What do the operators “>>” (double arrow) and “|” (single pipe) mean in JavaScript?

I saw this in some JS code:

``````        index = [
ascii[0] >> 2,
((ascii[0] & 3) << 4) | ascii[1] >> 4,
((ascii[1] & 15) << 2) | ascii[2] >> 6,
ascii[2] & 63
];
``````

I'd quite like to know what a lot of this means. Specifically ">>", a single pipe "|" and the "&" symbol on the last line?

Much appreciated!

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Binary operators. –  Pointy May 2 '12 at 22:43
(-1) Search for "JavaScript operators"... -1 because this is readily available information and is already far-too-commonly found on StackOverflow. –  user166390 May 2 '12 at 22:52
–  user166390 May 2 '12 at 22:53

`x >> y` means to shift the bits of `x` by `y` places to the right (`<<` to the left).

`x | y` means to compare the bits of `x` and `y`, putting a `1` in each bit if either `x` or `y` has a `1` in that position.

`x & y` is the same as `|`, except that the result is `1` if BOTH `x` and `y` have a `1`.

Examples:

``````1 << 4 = b10000 = 16
72 >> 3 = b1001000 >> 3 = b1001 = 9
8 | 2 = b1000 | b0010 = b1010 = 10
6 & 3 = b110 & b011 = b010 = 2
``````

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Looks like bitwise operators to me:

http://web.eecs.umich.edu/~bartlett/jsops.html

Edit: that ascii array was a dead give away... LOL

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`>>` is a right bitwise shift. It takes the bits and shifts them right n places1. For example, let's examine `35 >> 2`:

``````35 = 100011 shift two places
001000 = 8
``````

And indeed, `35 >> 2 == 8`.

`|` is a bitwise OR. It takes each bit in each operand and ORs them together. You can envision it as a sort of binary addition, but you don't carry when both top and bottom are `1`. For example, here's `5 | 3`:

``````5 = 101
3 = 011
| -----
111 = 7
``````

And indeed, `5 | 3 == 7`.

Finally, `&` is a bitwise AND. It takes each bit in each operand, except instead of giving 1 if either one bit OR the other is one, it gives 1 if one bit AND the other are both one. For example, here's `5 & 3`:

``````5 = 101
3 = 011
& -----
001 = 1
``````

Try it out; `5 & 3 == 1`.

Some other ones you might want to be aware of are `<<`, which is a left bitwise shift, and `^`, which is an XOR (0 when both bits are the same, 1 if they're different).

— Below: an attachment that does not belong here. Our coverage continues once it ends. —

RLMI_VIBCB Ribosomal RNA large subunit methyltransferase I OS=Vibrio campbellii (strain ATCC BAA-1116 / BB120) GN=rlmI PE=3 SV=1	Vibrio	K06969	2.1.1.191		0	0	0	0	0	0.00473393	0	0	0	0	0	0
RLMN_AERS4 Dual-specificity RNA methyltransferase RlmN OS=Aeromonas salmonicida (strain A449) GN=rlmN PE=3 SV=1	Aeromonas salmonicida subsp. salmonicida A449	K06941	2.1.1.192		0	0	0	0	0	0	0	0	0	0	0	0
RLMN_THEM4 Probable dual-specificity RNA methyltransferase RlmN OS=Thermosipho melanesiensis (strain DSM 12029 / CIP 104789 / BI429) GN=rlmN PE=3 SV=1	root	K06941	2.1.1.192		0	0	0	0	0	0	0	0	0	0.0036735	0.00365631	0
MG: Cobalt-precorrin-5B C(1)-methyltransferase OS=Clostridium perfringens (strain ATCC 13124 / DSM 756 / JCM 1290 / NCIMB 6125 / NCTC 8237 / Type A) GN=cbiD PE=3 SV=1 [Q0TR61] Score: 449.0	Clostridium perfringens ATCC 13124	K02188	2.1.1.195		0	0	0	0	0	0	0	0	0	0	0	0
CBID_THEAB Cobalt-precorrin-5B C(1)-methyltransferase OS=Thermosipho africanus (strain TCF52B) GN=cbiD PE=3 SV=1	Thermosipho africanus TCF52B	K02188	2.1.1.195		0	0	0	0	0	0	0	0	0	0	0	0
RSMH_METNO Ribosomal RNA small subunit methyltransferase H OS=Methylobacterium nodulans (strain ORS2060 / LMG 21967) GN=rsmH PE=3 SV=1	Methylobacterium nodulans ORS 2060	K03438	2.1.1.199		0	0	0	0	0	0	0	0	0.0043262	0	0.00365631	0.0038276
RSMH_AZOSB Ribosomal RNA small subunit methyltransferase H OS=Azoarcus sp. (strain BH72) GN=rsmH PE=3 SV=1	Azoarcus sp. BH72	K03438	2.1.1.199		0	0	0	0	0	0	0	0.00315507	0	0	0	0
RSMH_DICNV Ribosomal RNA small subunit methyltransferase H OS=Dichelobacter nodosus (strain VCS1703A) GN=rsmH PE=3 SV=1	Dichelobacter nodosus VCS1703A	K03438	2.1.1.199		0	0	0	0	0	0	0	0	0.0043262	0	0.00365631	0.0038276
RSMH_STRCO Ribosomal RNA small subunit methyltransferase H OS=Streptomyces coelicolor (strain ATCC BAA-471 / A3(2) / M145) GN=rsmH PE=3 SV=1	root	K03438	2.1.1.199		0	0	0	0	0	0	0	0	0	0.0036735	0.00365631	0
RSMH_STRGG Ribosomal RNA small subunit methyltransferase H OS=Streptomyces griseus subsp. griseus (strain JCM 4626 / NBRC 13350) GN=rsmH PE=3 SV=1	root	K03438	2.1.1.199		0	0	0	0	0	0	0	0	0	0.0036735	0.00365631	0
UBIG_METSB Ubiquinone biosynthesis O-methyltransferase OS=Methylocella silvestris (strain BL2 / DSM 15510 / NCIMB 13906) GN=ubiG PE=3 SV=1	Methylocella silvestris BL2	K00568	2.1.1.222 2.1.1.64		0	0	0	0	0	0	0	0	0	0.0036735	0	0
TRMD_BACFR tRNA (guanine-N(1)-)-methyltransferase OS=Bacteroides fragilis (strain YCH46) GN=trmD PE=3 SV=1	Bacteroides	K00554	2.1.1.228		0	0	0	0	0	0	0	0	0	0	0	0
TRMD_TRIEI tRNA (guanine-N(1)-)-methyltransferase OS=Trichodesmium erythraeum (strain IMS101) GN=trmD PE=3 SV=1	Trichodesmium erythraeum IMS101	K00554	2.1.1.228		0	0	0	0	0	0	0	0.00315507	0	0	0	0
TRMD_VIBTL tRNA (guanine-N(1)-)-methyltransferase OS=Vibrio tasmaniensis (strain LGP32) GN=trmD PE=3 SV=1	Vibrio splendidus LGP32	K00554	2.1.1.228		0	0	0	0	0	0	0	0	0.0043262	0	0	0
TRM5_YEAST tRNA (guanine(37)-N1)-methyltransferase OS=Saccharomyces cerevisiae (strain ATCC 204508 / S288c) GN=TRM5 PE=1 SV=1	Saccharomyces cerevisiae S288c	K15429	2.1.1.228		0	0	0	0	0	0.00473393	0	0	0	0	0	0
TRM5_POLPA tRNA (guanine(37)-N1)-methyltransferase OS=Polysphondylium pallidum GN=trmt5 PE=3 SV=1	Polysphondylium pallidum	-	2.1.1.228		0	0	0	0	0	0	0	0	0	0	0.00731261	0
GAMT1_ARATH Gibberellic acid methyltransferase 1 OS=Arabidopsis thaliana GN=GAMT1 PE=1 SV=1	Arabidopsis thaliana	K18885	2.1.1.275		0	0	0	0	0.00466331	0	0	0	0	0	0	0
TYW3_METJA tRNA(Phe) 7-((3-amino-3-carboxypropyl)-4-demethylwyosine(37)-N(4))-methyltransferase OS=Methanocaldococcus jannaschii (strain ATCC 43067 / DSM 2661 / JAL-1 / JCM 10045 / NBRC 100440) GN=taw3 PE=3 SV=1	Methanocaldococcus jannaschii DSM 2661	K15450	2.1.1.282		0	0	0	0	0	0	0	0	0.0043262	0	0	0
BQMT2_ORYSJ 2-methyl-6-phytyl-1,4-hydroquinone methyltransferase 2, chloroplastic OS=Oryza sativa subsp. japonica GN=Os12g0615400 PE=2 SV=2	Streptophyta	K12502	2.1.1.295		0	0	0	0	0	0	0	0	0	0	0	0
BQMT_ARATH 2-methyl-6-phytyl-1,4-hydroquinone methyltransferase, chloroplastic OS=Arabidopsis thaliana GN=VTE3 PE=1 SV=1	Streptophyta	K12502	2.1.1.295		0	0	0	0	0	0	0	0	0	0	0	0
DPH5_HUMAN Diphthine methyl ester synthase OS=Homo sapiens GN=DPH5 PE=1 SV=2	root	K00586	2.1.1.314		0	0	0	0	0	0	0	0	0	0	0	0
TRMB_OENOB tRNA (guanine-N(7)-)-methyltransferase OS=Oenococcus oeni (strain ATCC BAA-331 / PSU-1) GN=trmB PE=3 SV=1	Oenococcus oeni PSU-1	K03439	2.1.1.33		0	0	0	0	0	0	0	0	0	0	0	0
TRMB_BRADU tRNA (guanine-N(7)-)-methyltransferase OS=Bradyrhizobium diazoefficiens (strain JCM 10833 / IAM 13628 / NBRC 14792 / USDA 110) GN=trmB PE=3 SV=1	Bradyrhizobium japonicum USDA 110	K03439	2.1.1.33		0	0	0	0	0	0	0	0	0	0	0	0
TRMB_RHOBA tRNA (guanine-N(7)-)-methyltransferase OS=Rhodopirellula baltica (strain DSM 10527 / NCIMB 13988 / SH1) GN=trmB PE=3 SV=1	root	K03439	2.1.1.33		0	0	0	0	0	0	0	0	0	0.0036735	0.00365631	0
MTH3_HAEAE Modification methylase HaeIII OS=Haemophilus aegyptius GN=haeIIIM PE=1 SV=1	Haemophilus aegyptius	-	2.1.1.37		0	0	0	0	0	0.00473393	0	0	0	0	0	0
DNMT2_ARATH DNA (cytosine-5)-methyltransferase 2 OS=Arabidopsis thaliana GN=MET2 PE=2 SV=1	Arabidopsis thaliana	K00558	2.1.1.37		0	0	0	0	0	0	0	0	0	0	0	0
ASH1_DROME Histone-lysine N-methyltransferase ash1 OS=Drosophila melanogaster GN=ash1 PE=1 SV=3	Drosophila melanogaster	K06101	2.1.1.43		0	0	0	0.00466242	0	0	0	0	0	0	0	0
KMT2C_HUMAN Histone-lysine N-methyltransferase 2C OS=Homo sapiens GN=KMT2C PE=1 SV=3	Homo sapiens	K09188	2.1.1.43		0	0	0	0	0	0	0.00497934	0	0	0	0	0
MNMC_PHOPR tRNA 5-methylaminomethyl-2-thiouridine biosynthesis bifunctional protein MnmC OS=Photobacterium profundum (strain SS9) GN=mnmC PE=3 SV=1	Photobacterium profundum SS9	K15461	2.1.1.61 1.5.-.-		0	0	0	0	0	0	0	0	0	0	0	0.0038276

1 Actually, it's n modulo 32. `1 >> 32` is `1`. Not sure why.

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Thank you for a helpful, non-snarky answer. –  Yuki Izumi May 2 '12 at 22:54
• & (Bitwise AND)
• | (Bitwise OR)
• << (Left shift)
• >> (Sign-propagating right shift)

Bitwise and:

``````     9 (base 10) = 00000000000000000000000000001001 (base 2)
14 (base 10) = 00000000000000000000000000001110 (base 2)
--------------------------------
14 & 9 (base 10) = 00000000000000000000000000001000 (base 2) = 8 (base 10)
``````

Left shift (9 << 2 shifts bits of 9 in binary, 2 bits to the left):

``````     9 (base 10): 00000000000000000000000000001001 (base 2)
--------------------------------
9 << 2 (base 10): 00000000000000000000000000100100 (base 2) = 36 (base 10)
``````
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The `>>` and `<<` operators are a bitwise shift. For example,

``````11 =      00001011
11 << 3 = 01011000 = 88
``````

It is worth noting that `m << n = m * 2^n` and `m >> n = m / 2^n`. This is sometimes used to do very efficient multiplication/division by powers of 2.

The `&` and `|` are bitwise and and or respectively.

``````11 =      00001011
28 =      00011100
11 & 28 = 00001000 = 8

11 =      00001011
28 =      00011100
11 | 28 = 00011111 = 31
``````

While I'm at it, I should mention the `^` operator, which is not used for power, but for bitwise exclusive-or.

``````11 =      00001011
28 =      00011100
11 ^ 28 = 00010111 = 23
``````
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